In line with others commenting above, I started with a HYP-type income portfolio (before discovering Motley Fool) and proceeded after several years to add international ETFs and ITs to provide greater diversity in terms of the number of company holdings, markets and currencies. The latter feature has been rewarding following the recent GBP drop.

Low-ish yielding ETFs such as EUE (3.12%) and VHYL (3.19%) have increased in value steadily over the years and I now tend to think of them as solid portfolio bankers similar to low yielding but safe ULVR (2.54%), DGE (2.34%) and RB (2.42%) HYP shares. They complement higher yielding holdings and provide some peace of mind. Hold them for long enough through the market cycles and they are unlikely to let you down even if the initial income is unexciting. All of this assumes, of course, that you can afford to have such low yielders. As Hariseldon implies, it may take years to achieve the nirvana of "enough" income so allowing the luxury of at least some safer investments. Nothing will ever be "enough" for some, of course.

More pertinently, like most people on this forum, I was always aware that the FTSE 100 and 250 index companies source income from 75% and 50% overseas holdings respectively, even if suboptimally distributed. Figures for individual UK income ITs, such as Luni's baskets, would, of course, vary from the indices. They should nevertheless provide at least modest overseas cover. I mention this only to give balance to those (few if any) readers here who may be unaware.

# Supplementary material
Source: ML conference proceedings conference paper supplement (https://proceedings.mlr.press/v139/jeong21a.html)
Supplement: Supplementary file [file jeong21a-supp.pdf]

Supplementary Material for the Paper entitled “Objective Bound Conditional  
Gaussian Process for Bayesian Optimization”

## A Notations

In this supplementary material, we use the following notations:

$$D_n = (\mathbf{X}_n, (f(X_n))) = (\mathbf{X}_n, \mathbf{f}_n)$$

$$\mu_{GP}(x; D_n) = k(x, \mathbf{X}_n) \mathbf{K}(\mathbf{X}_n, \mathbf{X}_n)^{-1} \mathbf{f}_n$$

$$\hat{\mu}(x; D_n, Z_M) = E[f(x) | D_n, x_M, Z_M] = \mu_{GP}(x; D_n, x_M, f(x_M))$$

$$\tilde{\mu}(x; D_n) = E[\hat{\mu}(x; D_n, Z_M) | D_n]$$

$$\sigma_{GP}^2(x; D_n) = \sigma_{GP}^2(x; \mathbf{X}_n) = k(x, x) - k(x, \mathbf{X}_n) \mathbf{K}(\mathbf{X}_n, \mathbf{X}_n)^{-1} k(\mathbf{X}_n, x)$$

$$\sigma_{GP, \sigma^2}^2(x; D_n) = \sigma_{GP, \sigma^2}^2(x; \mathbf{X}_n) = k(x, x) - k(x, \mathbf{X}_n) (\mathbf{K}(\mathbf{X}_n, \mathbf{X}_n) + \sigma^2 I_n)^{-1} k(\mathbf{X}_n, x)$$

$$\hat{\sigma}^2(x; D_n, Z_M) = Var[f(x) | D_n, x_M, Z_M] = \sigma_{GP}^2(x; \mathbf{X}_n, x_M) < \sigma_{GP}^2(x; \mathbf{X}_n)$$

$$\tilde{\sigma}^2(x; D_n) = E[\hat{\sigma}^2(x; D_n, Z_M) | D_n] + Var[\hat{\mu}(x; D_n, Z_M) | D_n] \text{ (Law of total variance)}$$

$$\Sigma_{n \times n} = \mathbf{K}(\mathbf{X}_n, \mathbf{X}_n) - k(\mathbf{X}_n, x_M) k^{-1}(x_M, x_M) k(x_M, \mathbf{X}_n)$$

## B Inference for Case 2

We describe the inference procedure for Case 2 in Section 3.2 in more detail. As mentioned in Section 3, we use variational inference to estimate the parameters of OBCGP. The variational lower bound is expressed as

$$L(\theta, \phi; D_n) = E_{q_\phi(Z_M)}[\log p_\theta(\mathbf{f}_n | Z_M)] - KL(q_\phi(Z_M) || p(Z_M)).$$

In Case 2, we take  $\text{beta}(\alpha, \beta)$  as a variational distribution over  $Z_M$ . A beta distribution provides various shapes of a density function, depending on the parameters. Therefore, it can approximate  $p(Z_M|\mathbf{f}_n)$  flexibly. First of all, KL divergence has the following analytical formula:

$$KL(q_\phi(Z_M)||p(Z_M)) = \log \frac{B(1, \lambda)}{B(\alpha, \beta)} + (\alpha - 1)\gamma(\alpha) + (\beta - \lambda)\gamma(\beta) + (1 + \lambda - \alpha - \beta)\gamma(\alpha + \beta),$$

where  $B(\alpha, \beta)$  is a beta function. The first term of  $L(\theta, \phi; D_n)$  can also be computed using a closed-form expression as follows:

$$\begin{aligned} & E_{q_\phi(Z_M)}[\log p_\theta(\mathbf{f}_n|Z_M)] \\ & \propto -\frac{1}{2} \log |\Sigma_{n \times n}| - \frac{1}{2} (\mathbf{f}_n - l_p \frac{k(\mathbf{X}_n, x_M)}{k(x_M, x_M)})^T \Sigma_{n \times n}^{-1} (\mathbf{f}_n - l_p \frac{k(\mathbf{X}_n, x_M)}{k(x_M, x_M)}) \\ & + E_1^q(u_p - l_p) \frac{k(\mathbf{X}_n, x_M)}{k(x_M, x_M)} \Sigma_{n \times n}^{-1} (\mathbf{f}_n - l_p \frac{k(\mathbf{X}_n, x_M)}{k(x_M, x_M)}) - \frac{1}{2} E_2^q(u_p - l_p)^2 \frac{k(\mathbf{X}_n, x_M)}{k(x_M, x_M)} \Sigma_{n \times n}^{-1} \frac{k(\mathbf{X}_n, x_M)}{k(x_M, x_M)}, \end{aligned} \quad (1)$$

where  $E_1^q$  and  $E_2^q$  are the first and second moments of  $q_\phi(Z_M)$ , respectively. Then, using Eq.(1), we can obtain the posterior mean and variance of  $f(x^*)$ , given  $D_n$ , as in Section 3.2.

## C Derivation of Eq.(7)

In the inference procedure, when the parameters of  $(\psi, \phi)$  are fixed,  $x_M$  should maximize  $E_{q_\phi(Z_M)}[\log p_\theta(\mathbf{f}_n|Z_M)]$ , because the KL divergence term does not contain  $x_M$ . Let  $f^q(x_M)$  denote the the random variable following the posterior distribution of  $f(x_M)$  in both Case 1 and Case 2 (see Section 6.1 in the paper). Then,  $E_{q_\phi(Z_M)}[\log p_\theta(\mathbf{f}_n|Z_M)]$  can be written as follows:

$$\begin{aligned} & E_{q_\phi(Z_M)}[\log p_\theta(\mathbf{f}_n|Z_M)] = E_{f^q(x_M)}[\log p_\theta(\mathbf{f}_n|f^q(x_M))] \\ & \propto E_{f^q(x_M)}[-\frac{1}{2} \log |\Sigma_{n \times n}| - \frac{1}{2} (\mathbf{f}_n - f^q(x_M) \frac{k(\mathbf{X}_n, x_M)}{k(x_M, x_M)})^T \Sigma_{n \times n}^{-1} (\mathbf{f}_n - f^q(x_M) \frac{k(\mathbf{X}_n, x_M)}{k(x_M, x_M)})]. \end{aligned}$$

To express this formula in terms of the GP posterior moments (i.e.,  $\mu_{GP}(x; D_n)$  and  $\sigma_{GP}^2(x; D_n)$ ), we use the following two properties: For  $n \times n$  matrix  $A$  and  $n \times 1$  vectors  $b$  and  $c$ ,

TP2.

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Re: Investment Trust Income Portfolio for our Retirement

#160628

Postby Longtermyieldman » August 19th, 2018, 6:05 pm

As others have said, the OP is trading a great income today for a substantial risk that income may not grow as fast as inflation (or cost of living, which can be higher). Fine if you're nearing end of life, risky otherwise. I'd swap out the infrastructure assets particularly and some other very high yielders for ITs that pay less but grow dividends faster.

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Re: Investment Trust Income Portfolio for our Retirement

#160693

Postby chevin » August 20th, 2018, 8:36 am

ikethespike wrote:I am slightly envious of your 5.7% yield. Mine is approximately 3%. Similar to Forrado, my top 5 account for 50 % of the portfolio. ( Foreign and Colonial, Scottish American, Personal Assets, Rothschild and Standard Life Equity) . They currently provide 30 % of the income and in the last 5 years or so have produced approximately 70 % of the capital gains.